This is Leadership with Richard Kwarteng Ahenkorah: Lead-a-ship


“Foresee storms and turbulence. It’s part of the beautiful journey.”

Leadership, as a subject, is always interesting to discuss. No matter how the subject is shared, people always have their opinions. As said, opinions are like noses. Some claim that people in authorities lose their memories and develop living signs of amnesia when they get into leadership positions.

The argument has always been: Where do the right thinking senses of leaders go to when they are needed for strategic thinking? For me, leadership (lead-a-ship) is to learn the skills to lead a ship. Whether you go ahead of the ship or you seek to steer the ship, you need this skill. In organisations, the leader groups a team to achieve a common goal. This should be noted.

Maxwell (2015), Welch (2005), Armstrong (2004) and Ahenkorah (2018) will always remind readers. If leaders, for example, keep their team on a ship on a journey on the high seas, they have absolute responsibility to interpret the direction of the compass to their followers.

There are always instances, and it is also normal for the crew to nap when ships sail, but not the leader. Call him a shipmaster, a captain, a sea captain, a ship’s captain or even a master and he’ll show you his worth. A ship’s captain cannot sleep on duty. If he does, then what makes him the captain, and where lies his duty?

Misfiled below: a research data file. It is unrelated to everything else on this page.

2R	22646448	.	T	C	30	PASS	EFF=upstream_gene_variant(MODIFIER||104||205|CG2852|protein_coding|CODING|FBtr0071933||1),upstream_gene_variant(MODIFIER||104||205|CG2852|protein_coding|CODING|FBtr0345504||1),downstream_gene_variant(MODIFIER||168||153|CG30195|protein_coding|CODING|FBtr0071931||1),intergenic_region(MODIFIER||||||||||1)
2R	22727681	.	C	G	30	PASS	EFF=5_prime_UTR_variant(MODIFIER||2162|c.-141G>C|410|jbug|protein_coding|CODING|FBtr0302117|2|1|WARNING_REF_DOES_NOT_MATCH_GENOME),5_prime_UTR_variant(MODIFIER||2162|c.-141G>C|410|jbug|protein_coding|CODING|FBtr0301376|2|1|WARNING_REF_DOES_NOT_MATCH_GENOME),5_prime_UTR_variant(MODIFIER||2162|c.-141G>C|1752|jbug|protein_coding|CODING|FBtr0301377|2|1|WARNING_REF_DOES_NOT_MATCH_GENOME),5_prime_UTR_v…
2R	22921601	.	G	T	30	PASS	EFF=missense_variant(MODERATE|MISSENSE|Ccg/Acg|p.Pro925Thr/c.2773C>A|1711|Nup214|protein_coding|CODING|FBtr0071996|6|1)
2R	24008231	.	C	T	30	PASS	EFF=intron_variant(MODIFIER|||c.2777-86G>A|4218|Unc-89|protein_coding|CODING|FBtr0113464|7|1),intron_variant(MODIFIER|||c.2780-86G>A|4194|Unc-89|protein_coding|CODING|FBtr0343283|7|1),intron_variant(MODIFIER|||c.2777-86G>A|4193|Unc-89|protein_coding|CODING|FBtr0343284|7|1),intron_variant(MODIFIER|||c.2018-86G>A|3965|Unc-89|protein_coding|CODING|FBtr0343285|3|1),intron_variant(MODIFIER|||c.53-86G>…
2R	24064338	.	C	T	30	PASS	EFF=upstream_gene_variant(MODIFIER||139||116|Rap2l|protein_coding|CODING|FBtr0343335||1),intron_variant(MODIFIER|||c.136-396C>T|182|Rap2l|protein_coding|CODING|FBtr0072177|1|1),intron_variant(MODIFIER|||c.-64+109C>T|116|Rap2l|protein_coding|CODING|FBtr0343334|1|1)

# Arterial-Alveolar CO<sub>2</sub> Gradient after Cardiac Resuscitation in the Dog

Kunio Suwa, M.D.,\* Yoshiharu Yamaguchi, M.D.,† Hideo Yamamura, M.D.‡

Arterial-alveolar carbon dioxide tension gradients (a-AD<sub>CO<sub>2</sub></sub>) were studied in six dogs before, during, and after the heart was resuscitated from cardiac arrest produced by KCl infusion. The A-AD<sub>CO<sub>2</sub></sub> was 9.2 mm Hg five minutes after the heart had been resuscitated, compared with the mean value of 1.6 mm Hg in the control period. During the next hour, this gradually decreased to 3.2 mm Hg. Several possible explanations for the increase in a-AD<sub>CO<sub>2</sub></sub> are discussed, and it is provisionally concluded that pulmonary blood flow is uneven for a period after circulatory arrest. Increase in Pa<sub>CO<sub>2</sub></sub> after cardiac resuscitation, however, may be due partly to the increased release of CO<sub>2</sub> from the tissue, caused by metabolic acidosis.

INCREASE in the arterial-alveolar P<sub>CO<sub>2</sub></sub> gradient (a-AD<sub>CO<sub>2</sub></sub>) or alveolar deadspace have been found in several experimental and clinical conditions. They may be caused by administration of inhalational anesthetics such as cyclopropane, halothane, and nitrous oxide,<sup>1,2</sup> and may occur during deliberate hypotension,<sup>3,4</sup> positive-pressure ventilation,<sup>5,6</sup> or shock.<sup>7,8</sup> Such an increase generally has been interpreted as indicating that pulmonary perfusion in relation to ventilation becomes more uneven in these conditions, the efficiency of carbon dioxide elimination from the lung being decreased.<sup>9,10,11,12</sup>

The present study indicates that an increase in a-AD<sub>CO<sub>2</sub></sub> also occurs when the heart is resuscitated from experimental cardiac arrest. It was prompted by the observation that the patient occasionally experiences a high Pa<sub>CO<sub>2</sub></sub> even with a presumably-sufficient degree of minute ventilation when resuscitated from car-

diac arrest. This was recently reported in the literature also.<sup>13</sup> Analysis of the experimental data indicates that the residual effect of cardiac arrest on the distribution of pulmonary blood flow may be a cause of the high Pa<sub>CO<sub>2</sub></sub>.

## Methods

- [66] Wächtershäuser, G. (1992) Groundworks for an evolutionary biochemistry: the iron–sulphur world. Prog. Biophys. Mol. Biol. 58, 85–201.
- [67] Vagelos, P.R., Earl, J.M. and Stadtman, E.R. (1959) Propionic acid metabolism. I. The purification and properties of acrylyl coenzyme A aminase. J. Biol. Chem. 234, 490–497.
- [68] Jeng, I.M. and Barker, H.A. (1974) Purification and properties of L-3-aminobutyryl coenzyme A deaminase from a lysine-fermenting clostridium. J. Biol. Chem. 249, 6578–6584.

A shipmaster is supposed to be a licensed, highly qualified, legally and professionally approved high-level mariner who commands and holds ultimate responsibility of the ship’s business. It’s noteworthy that the ship travels on oceans and deep waters which is why they are supposed to be large watercrafts requiring special skill to steer. They may come as oil tankers, bulk carriers, or as container ships. The ship leader must be relational with high levels of expert and referent powers.

The leader requires the skill to keep the crew happy, and the crew would in turn make the passengers happy and that would obviously make voyages exciting. Good lead-a-ship CEOs apply the theory of affectivity (Hughes et al 2015) in the offices to raise happy teams.

Shipmasters start their journeys with team briefs, as well as inviting diverse opinions in a bid to grow team confidence. CEOs who learn from the ship Captain’s approach to leadership development, listen to every member of the team; they are responsive to team requests, as well as leading by example. Captains foresee perfect storms and beautiful turbulences in the spur of moments; thus, they are always prepared for all kinds of eventualities.

Lead-a-ship style of leadership requires boldness to step in, step out and step up. Lead-a-ship styled leaders exhibit more self-control, self-regulation, listening and critically fitting with sound judgment in dealing with issues. Leaders may struggle to lead teams and subsequently deal with issues, but if they learn to lead-a-ship, they’ll surely be making great strides to understanding leadership from a lead-a-ship perspective.

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